Is the Canadian military a friend and ally of First Nations or an exploiter and repressor?
The military’s immense resources and cultural clout certainly enables it to attract indigenous youth to become soldiers. But First Nations have more reason than most to be wary of the Canadian Forces (CF).
A recent Ipolitics story titled “This is where I need to be’: Indigenous military summer programs ‘fantastic’ for young recruits” detailed the CF’s recruitment of Indigenous youth. The article quoted 19-year old Private Brandon Julian saying, “I love Canada … I want to serve this country.”
The story described the Bold Eagle, Raven and Black Bear leadership and training programs for 18-25-year-olds from reserves. Partnering with the Saskatchewan Indian Veteran’s Association and Federation of Saskatchewan Indian Nations, the CF launched Bold Eagle three decades ago. It’s a three or four day “culture camp” conducted by First Nations elders “followed by a military recruit training course.”
Receiving input from its Defence Aboriginal Advisory Group, the CF operates various programs focused on Indigenous youth. CF recruiters participate in National Aboriginal Day events and oversee the Aboriginal Entry Plan, a three-week training. In 1971 the CF introduced the Northern Native Entry Program and the military funded Cadet Corps has long worked with band councils and schools on reserves.
The CF has organized international Indigenous exchanges. In 2015 the military sent twelve members of the Northern Canadian Indigenous Sovereignty Patrol and Surveillance Unit to Australia for a series of trainings and events with the largely aboriginal NORFORCE. Canadian Defence Advisor to Australia Colonel Acton Kilby, Canadian Aboriginal Veterans Association President Richard Blackwolf and former Indigenous NHL player Reggie Leach were part of the delegation.
A number of monuments, usually supported by Veteran Affairs, honour First Nations veterans. In Batoche, Saskatchewan, the Métis Veterans Memorial Monument is dedicated to those who “served alongside other Canadian servicemen and servicewomen in the South African War, World War I, World War II, the Korean War, and in each of the efforts since then to defend our country and contribute to international peace and security.” For its part, the National Aboriginal Veterans Monument in Ottawa says it was “raised insacred and everlasting honour of the contributions of all Aboriginal Canadians in war and peacekeeping operations.” Apparently, it’s the only official monument in Ottawa commemorating Indigenous peoples or history.
A growing number of landmarks bear the names of Indigenous soldiers. The third Canadian Ranger patrol group headquarters, a monument at CFB Borden and a Parry Sound statue are dedicated to top World War I indigenous sniper Francis Pegahmagabow. World War II and Korea veteran Tommy Prince has a statue, school, street, drill hall, CF base, two educational scholarships and a cadet corps named in his honour.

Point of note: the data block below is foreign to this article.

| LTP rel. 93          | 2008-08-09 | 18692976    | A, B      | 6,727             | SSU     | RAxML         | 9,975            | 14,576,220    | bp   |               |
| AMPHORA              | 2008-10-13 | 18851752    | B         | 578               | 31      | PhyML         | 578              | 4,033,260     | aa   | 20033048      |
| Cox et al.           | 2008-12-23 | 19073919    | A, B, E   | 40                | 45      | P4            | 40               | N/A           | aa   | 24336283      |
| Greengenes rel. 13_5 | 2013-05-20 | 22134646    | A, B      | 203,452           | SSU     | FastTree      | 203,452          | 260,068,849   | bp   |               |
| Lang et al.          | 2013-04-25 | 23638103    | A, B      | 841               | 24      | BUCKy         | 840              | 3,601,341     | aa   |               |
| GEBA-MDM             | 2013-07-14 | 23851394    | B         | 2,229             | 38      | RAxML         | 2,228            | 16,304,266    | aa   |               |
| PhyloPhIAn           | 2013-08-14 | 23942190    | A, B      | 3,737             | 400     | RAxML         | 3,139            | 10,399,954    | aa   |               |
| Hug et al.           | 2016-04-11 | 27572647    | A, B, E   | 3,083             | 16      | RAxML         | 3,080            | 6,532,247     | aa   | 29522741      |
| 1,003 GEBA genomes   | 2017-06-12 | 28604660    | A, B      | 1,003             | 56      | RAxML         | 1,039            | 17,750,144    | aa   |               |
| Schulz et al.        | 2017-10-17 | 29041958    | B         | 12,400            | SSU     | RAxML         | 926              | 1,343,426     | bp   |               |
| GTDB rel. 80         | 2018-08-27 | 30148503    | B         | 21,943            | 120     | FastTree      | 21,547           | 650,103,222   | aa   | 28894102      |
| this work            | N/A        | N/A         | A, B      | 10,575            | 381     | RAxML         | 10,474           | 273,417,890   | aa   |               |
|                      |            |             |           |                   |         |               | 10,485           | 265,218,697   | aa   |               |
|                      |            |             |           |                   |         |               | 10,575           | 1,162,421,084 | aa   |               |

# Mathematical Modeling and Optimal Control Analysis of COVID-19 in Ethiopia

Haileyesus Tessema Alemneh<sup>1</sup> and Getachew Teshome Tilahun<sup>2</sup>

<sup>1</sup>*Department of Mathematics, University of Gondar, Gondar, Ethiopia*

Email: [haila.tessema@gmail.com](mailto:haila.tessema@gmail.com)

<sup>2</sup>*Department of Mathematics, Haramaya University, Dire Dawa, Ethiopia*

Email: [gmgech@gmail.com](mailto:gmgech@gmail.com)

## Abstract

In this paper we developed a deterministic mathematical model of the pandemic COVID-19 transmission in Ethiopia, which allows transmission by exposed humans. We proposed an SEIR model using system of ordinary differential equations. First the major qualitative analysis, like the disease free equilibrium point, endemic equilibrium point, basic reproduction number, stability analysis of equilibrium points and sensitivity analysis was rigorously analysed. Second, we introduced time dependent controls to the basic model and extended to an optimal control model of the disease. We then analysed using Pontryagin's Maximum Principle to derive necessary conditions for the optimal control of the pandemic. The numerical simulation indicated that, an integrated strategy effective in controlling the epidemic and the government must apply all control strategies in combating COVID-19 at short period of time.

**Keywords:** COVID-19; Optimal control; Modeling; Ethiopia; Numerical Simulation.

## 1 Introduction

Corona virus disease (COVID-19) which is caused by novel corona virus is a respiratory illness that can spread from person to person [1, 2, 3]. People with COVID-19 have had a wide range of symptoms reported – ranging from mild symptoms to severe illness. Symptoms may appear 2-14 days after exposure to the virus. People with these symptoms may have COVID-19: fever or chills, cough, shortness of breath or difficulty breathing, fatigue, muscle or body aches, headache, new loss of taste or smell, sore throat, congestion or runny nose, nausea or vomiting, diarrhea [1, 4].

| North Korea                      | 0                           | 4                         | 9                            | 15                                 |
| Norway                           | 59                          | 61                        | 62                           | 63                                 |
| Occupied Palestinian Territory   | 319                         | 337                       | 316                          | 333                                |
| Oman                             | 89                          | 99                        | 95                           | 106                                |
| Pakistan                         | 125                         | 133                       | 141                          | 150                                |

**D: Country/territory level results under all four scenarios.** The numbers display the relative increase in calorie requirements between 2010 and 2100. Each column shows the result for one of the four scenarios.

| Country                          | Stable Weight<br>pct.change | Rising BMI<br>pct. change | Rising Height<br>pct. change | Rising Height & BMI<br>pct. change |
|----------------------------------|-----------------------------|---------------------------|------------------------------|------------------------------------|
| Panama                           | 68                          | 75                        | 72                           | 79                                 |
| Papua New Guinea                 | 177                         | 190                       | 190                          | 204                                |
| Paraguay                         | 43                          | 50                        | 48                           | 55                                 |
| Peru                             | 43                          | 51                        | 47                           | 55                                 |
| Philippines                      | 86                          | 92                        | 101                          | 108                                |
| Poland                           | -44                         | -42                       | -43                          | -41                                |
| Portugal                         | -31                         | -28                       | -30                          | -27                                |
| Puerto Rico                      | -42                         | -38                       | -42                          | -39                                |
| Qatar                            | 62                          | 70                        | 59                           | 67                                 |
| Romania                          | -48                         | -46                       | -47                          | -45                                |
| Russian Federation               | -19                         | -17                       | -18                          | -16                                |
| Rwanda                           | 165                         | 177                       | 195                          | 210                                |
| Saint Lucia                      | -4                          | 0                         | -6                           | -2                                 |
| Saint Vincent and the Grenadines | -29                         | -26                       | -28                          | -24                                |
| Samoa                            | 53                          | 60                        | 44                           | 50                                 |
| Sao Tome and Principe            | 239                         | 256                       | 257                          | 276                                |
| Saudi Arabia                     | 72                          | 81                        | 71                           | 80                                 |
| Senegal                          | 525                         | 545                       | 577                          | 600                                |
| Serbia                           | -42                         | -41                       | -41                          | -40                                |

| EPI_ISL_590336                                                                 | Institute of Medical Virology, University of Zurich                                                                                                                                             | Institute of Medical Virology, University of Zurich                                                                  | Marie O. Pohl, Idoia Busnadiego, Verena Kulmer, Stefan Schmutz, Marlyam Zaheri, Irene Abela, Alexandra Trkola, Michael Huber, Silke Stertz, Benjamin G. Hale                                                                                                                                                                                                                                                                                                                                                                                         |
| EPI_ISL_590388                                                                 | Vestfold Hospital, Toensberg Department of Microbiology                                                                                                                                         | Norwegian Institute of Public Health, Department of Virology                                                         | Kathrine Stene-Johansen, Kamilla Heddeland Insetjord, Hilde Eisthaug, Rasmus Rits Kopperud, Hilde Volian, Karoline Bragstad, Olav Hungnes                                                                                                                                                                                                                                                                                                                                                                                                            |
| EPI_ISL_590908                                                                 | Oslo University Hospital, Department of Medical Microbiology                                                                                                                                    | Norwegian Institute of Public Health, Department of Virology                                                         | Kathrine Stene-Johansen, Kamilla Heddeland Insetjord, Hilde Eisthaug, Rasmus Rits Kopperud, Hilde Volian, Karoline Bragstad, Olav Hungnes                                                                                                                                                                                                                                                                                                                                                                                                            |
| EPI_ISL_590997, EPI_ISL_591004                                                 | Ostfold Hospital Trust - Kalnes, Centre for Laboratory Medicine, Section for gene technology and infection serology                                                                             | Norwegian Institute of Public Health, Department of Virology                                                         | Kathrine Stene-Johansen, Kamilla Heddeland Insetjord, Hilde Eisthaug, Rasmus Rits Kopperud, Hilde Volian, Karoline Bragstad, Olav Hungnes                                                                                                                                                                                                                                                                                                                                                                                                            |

The CF, government commissions and Indigenous veterans’ associations, often backed by Veteran Affairs, have also produced much laudatory literature on aboriginal veterans. A dozen books and theses, as well as hundreds of articles, detailing First Nations’ contribution to Canadian/British wars mostly echo the military’s perspective of those conflicts.
But, a critical look at the historical record suggests Canadian militarism has, in fact, been a primary tool of the colonial project to steal Indigenous land and enforce settler control. The CF grew out of the British force that conquered large swaths of this land. The ‘father’ of Canada’s army, Lieutenant-Colonel William D. Otter led a force that attacked Cree and Assiniboine warriors in 1885 near Battleford, Saskatchewan, in the Battle of Cut Knife. Without orders to do so, Otter asked permission to “punish [Cree leader] Poundmaker.” As such, the Montreal Daily Star coined the term “Otterism” as a “synonym for merciless repression.”
During the past century the military has expropriated a great deal of Indigenous land for its bases. The most infamous example is Stoney Point, near Sarnia, Ontario, which after a half century of military occupation led to the Ipperwash Crisis in which the Ontario Provincial Police killed Ojibway protester Dudley George.
From low-flying jets in Labrador to DEW Line waste, First Nations have borne a disproportionate share of the military’s ecological footprint. Brian Lloyd, a former British Army bomb-disposal expert who cleaned up Canadian sites, told the New York Times: “In Canada, the military acted like a giant, using Indian land like stepping stones across the country. You find an Indian nation, and you find range contamination.”
Despite claiming not to spy on Canadians, the CF continues to monitorIndigenous dissent. Between 2010 and mid-2011 the CF’s National Counter-Intelligence Unit produced at least eight reports concerning indigenous organizations. In Policing Indigenous Movements Andrew Crosby and Jeffrey Monaghan document their surveillance of 2012-13 Idle No More protests and the CF’s National Counter-Intelligence Unit also monitored the 2013 Mi’kmaq-led anti-fracking camp in Elsipogtog, New Brunswick.
Does it make sense for Indigenous youth to participate in the repression of their communities?
The CF’s glorification of First Nations military participation should not confuse people about the Canadian Forces’ role in enforcing the imperial order here and abroad.